Assembly of Think City electric cars, Elkhart, Indiana, Jan 2011Enlarge Photo
Making an electric car is a particularly tough business, fraught with financial risk, engineering challenges and tough competition from small-scale and mainstream automakers alike.
And in that world, some automakers will succeed in bringing electric cars to market, while others flounder at the sidelines.
The latest victim in the Darwinian fight for survival? Norwegian-based Think Global, makers of the Think City electric car.
The disclosure that the firm had filed for bankruptcy production in its home country of Norway came from Think’s former shareholder and battery supplier Ener1 Inc.
Ener1 had previously written off a $73 million stake in Think, but told Investors earlier today that it was taking charge of $32.6 million of unpaid loans and accounts receivable from Think Global.
With a range of just 100 miles, a top speed of 68 miles per hour and a fairly minimalist interior, the Think City EV hasn’t been selling well against stiff competition from other electric cars.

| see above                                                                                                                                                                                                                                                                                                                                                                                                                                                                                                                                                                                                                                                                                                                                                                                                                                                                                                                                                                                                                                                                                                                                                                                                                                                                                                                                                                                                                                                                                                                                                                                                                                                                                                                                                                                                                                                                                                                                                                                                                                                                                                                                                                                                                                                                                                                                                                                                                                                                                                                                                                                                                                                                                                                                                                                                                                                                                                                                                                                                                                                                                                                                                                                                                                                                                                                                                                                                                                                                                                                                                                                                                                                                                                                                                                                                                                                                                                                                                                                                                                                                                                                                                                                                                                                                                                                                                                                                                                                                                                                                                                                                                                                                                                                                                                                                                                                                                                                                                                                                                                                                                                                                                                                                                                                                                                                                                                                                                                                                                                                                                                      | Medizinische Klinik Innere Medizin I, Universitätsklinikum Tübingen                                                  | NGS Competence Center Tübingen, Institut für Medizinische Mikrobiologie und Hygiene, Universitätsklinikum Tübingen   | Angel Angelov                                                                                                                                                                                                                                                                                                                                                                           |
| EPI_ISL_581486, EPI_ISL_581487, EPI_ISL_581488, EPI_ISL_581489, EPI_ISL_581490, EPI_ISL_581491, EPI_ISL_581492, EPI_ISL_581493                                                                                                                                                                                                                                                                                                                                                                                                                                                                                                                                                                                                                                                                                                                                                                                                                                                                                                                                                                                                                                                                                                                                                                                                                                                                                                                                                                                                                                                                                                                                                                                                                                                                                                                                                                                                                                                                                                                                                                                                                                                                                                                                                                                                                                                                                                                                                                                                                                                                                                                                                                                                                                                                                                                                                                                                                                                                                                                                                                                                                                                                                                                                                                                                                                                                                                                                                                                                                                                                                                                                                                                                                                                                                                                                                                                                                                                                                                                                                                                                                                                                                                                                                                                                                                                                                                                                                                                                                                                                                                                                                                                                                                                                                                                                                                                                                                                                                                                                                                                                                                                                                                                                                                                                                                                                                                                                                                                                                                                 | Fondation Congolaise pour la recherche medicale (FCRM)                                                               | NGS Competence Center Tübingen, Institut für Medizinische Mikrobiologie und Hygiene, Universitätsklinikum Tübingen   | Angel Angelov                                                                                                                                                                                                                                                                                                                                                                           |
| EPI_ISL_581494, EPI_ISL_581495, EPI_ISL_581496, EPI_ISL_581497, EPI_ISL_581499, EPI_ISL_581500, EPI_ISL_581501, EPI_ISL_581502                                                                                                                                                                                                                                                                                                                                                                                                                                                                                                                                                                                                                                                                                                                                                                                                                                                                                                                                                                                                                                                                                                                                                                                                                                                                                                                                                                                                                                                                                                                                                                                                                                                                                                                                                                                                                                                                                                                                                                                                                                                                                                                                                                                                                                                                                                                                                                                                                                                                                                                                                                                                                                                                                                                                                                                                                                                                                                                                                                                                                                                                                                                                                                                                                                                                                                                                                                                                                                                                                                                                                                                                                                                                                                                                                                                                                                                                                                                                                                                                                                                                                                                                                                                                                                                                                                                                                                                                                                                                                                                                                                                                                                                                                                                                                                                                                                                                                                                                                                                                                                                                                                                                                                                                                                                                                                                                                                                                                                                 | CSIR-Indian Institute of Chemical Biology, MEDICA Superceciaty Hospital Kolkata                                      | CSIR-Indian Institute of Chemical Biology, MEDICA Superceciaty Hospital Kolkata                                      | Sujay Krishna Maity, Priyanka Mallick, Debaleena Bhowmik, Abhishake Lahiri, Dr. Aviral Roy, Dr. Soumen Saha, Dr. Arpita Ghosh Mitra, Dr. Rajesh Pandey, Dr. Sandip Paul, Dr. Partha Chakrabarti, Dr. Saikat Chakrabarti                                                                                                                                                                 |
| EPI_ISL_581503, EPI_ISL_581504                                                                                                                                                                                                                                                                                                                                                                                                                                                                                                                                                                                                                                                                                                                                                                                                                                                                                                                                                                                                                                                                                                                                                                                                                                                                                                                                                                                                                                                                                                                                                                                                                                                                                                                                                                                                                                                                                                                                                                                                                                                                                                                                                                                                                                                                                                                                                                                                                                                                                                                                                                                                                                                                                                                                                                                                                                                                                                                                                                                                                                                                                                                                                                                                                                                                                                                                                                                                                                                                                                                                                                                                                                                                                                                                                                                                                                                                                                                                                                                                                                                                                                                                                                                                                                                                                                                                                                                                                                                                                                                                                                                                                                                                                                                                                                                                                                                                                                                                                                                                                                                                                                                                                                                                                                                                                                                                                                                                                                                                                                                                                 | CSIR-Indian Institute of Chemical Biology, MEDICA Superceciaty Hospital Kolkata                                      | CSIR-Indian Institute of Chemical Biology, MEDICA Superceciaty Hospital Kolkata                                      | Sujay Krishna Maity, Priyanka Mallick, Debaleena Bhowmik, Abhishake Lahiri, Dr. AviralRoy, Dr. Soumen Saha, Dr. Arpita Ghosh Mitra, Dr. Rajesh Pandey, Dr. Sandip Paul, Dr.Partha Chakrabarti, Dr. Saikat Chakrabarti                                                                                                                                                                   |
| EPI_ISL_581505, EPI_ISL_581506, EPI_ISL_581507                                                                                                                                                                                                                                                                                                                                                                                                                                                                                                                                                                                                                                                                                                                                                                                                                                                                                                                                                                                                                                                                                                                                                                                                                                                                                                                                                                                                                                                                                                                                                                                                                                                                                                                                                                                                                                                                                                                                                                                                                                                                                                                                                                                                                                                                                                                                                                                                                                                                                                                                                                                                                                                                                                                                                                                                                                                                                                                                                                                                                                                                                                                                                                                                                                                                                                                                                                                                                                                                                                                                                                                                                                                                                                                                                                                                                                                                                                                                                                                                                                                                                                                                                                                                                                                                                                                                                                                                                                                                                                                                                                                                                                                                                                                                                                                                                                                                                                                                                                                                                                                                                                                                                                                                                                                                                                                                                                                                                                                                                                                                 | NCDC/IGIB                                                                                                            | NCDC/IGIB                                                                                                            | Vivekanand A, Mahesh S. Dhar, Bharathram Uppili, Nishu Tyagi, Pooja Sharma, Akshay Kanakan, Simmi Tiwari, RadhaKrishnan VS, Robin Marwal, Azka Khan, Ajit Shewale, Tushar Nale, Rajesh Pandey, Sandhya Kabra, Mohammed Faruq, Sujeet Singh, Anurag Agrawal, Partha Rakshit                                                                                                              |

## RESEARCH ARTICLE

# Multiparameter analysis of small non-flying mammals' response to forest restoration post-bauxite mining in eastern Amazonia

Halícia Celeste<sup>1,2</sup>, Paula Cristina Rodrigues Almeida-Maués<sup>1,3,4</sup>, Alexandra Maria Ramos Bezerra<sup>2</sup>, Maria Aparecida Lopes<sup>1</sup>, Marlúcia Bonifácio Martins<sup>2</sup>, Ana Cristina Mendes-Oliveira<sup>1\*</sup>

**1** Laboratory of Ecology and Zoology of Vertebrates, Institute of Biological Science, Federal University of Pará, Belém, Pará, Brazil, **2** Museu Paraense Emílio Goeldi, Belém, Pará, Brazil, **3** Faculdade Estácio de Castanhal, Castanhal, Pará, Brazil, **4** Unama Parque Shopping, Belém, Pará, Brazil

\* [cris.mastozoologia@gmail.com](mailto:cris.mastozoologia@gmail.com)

That’s not a surprise. Our own John Voelcker voiced his concerns earlier this year that Think was always facing an uphill struggle to sell its plastic-bodied Think City EVs in the U.S., especially when Think’s sticker price before incentives was as much as $41,000.
Over the past few months we’ve seen Think get pretty creative with its advertising, anthropomorphizing its surplus stock with names and personalities. But even with a name, Think City EVs have been slow to sell, even in states where electric vehicle incentives dramatically lowered the purchase cost.
So is Think dead? The initial prognosis isn’t good, but then Think has survived previous bankruptcies, owners (including Ford) and company restructuring.
Despite trying, we were unable to reach anyone at Think Global or Think USA for for an official comment on Think Global’s Norwegian bankruptcy filing.[Indianapolis Business Journal]